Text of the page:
- Trump’s Testy Telephone Call with Australia’s Prime Minister: A Portent of Washington’s Treatment of
Ted Galen Carpenter, Senior Fellow, Cato Institute
Feb 15, 2017
Donald Trump’s contentious telephone conversation with Australian Prime Minister Malcolm Turnbull caused worried reactions in the United States. Washington’s behavior will consist more of abrasive demands rather than requests and quiet diplomacy. Trump’s America First policy means giving highest priority to U.S. interests, not maintaining cordial alliance relations. That is a major change that Washington’s partners in East Asia and Europe will have to face.
Cui Liru, Former President, China Institutes of Contemporary International Relations
Feb 10, 2017
The new president’s simplistic and arbitrary approach other countries is a double-edged sword that will bring a series of negative impacts on US foreign policies. While his China policy seems to be a work in progress, his sense of ‘two Chinas’ will pose a serious challenge to the diplomatic framework that has provided stability since the Nixon administration. Meanwhile, China should adhere to its own agenda and avoid being distracted by outside provocations.
Feng Shaolei, Dean, School of Advanced International and Area Studies
Feb 10, 2017
As the three-power “triangle” re-adjusts, China’s first priority is to be confident in the diplomatic achievements it has made over the past few decades. Putin has recently pledged to “cherish the Russia-China relationship,” and the deep foundation of China-US relations that has been laid over recent years should be solid enough to survive short-term pressures.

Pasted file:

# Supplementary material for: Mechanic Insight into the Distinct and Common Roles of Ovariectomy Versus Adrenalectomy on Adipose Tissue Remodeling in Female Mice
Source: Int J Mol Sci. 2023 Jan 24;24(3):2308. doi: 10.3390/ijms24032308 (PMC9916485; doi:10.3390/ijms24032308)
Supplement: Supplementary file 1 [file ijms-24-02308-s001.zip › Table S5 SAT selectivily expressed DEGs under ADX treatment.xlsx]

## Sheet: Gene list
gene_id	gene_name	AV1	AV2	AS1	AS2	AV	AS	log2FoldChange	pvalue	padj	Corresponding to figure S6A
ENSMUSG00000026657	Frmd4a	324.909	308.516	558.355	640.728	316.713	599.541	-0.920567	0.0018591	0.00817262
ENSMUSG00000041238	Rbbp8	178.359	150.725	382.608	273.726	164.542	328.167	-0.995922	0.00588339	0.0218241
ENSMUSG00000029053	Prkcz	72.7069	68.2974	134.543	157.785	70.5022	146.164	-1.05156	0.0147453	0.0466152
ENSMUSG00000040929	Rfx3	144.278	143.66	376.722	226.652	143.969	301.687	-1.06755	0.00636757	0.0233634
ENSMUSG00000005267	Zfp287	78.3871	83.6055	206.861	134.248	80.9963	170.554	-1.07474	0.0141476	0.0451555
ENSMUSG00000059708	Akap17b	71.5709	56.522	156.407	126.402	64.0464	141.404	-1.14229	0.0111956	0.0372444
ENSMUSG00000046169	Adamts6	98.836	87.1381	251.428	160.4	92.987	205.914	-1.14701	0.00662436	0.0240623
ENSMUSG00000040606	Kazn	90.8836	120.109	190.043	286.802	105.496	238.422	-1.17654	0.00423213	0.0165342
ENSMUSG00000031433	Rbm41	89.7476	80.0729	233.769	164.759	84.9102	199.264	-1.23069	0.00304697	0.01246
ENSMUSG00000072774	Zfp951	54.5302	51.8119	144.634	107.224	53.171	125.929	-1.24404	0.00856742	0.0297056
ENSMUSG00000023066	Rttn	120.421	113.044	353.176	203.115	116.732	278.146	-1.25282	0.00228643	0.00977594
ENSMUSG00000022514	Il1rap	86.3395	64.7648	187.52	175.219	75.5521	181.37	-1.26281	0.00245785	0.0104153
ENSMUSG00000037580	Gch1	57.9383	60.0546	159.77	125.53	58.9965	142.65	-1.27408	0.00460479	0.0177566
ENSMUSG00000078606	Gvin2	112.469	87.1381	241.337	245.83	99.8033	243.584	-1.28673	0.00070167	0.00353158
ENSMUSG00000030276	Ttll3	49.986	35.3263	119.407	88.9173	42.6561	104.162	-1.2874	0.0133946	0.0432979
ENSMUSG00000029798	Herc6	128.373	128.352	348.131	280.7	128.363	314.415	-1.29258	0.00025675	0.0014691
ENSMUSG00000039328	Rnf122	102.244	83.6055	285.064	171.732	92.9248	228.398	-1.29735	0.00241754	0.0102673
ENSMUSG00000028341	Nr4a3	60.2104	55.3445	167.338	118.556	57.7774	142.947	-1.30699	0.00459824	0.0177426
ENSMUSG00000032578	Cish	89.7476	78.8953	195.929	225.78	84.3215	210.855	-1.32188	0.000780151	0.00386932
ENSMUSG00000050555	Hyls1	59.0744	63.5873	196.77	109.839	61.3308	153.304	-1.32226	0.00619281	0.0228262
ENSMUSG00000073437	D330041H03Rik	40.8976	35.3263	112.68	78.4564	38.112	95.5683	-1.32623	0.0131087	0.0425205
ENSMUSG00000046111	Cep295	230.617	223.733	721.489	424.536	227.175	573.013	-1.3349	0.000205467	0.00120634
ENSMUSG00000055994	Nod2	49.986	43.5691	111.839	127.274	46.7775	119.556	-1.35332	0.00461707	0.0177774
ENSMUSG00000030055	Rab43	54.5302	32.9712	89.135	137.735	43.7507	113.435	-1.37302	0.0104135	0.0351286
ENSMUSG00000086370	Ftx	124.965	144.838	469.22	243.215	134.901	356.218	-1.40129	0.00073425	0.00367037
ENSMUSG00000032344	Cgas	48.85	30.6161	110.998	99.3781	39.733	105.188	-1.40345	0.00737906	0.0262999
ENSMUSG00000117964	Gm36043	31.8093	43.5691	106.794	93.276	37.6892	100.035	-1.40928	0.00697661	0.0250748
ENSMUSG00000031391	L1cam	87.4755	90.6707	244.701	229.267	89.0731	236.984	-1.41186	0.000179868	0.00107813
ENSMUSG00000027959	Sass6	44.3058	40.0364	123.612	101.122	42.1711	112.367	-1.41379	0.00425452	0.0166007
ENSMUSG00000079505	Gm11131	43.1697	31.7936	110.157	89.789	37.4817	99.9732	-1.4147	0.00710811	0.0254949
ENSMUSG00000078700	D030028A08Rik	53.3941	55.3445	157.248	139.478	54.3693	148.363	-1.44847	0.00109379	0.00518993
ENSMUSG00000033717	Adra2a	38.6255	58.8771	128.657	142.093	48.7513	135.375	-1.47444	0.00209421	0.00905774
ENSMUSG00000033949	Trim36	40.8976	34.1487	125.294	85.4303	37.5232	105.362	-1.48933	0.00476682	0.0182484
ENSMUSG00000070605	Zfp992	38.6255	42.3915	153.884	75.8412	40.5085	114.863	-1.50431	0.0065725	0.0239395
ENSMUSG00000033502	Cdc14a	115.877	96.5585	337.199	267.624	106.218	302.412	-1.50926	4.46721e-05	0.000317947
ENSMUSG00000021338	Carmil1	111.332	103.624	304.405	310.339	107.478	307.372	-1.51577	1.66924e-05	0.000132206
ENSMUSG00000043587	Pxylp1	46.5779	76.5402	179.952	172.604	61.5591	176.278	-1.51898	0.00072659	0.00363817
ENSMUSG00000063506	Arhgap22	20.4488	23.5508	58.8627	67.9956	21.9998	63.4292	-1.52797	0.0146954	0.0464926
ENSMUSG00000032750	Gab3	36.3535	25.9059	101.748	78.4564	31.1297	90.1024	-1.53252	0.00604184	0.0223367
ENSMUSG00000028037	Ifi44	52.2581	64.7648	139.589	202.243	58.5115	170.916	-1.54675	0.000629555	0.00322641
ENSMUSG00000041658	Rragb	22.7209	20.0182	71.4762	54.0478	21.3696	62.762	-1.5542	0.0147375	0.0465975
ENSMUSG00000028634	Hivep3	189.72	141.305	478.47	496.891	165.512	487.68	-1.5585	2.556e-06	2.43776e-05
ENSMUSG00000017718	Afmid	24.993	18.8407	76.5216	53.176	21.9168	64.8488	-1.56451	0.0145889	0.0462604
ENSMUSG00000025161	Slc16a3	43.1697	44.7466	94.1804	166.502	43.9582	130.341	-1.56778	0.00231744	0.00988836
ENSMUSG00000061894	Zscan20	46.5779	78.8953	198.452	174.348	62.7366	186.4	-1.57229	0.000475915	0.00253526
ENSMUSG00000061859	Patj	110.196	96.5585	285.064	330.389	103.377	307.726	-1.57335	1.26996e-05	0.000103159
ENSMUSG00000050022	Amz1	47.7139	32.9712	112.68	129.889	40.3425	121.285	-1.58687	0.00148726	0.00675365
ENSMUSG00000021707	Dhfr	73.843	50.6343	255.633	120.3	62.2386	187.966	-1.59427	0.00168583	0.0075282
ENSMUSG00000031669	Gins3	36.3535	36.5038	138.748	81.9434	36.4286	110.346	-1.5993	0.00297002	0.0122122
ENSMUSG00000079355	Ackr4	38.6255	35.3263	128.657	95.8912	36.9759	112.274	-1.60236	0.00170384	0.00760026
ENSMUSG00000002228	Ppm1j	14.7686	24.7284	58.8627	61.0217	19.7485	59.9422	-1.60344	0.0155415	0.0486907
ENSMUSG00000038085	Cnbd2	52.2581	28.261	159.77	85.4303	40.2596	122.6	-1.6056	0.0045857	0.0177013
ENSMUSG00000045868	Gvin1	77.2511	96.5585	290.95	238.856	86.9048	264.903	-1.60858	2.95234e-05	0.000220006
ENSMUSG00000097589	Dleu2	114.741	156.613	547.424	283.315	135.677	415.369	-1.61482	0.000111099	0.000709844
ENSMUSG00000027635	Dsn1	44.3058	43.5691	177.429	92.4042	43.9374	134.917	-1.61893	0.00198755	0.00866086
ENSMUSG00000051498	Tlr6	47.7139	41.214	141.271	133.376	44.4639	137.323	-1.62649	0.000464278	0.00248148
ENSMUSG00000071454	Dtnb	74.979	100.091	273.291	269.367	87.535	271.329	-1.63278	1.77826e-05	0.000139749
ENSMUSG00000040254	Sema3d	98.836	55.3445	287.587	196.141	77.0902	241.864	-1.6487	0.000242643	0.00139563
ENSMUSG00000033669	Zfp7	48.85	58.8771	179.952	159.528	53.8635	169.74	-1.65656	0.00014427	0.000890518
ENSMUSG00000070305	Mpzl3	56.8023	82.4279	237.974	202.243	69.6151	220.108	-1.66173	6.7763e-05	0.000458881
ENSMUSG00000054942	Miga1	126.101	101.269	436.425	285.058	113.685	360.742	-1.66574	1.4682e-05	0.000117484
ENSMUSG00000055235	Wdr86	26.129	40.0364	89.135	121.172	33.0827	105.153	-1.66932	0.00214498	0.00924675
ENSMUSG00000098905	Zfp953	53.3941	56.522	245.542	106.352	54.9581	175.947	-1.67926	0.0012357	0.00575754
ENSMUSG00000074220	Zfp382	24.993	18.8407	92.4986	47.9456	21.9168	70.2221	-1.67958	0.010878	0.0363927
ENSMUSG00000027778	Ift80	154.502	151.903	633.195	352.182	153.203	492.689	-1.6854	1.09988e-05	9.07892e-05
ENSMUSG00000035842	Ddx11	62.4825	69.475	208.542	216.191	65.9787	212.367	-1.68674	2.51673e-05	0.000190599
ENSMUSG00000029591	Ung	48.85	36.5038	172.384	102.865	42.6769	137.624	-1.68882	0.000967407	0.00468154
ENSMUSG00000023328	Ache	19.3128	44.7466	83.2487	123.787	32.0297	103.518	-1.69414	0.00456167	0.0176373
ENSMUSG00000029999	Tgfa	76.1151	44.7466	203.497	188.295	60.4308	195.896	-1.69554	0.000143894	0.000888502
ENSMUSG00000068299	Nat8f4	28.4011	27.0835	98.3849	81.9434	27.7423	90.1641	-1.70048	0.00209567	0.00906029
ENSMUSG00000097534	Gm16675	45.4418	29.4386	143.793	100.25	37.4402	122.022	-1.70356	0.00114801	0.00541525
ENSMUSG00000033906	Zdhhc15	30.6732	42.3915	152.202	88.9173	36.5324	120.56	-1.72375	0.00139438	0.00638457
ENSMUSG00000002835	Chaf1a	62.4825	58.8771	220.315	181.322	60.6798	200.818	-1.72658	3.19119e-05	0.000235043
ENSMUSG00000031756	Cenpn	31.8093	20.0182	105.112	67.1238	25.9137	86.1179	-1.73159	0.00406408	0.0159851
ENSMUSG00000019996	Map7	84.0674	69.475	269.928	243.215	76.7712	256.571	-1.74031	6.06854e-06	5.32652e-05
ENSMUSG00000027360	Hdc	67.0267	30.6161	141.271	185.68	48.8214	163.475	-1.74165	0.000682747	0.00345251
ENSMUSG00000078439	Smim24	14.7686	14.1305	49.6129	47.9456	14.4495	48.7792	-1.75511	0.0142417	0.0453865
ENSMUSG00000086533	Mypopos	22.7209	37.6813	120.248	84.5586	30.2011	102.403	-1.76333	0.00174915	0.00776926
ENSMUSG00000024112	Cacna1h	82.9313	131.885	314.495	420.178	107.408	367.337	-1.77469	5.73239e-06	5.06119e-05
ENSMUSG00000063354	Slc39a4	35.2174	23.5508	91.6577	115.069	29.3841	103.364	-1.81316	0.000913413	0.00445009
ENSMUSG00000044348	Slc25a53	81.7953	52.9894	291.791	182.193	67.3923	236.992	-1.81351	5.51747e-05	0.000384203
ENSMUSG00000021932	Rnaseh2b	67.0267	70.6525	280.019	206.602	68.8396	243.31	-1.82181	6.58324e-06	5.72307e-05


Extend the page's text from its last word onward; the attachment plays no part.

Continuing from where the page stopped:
Feb 09, 2017
No national interest is furthered by abandoning or conditioning this policy (One China Policy) on other issues. To do so would very likely end up increasing Taiwan’s vulnerabilities, destabilizing the Asia-Pacific region, and jeopardizing broad US interests.
Richard Javad Heydarian, Professorial Chairholder in Geopolitics, Polytechnic University of the Philippines
Feb 06, 2017
Duterte, whom some have dubbed as the “Trump of the East”, made it clear that he feels a sense of personal affinity with the new American leader, whom he has described as a kindred spirit, a fellow strongman and anti-establishment populist. There are, of course, legitimate concerns about the possibility of things spiraling out of control if and when mercurial and larger-than-life figures like Duterte and Trump collide. For now, however, Manila is optimistic about a diplomatic reset with its oldest friend, America.
Kaiser Kuo, Host, Sinica Podcast
Jan 26, 2017
A spectre was haunting Davos, and its name was Donald Trump.
Derek Scissors, Resident Scholar, American Enterprise Institute
Jan 25, 2017
The full American tax reform is an enormous topic, but its impact at home is what matters, not whether the trade deficit barrows. Similarly, Beijing will respond forcefully to anything like a 35% across-the-board tariff aimed only at China. But in the case of the current BAT, China is best served by focusing on fixing its own house.
Da Wei, Director of the Center for International Strategy and Security and Professor at Tsinghua University
Jan 24, 2017
The new president plans to combine the power of his country and his personal unpredictability to produce fear and anxiety, which he believes will lead to U.S. benefits and gains. This tactic could win in some cases in the short run, but it’s almost doomed strategically. It will not make the U.S. great again.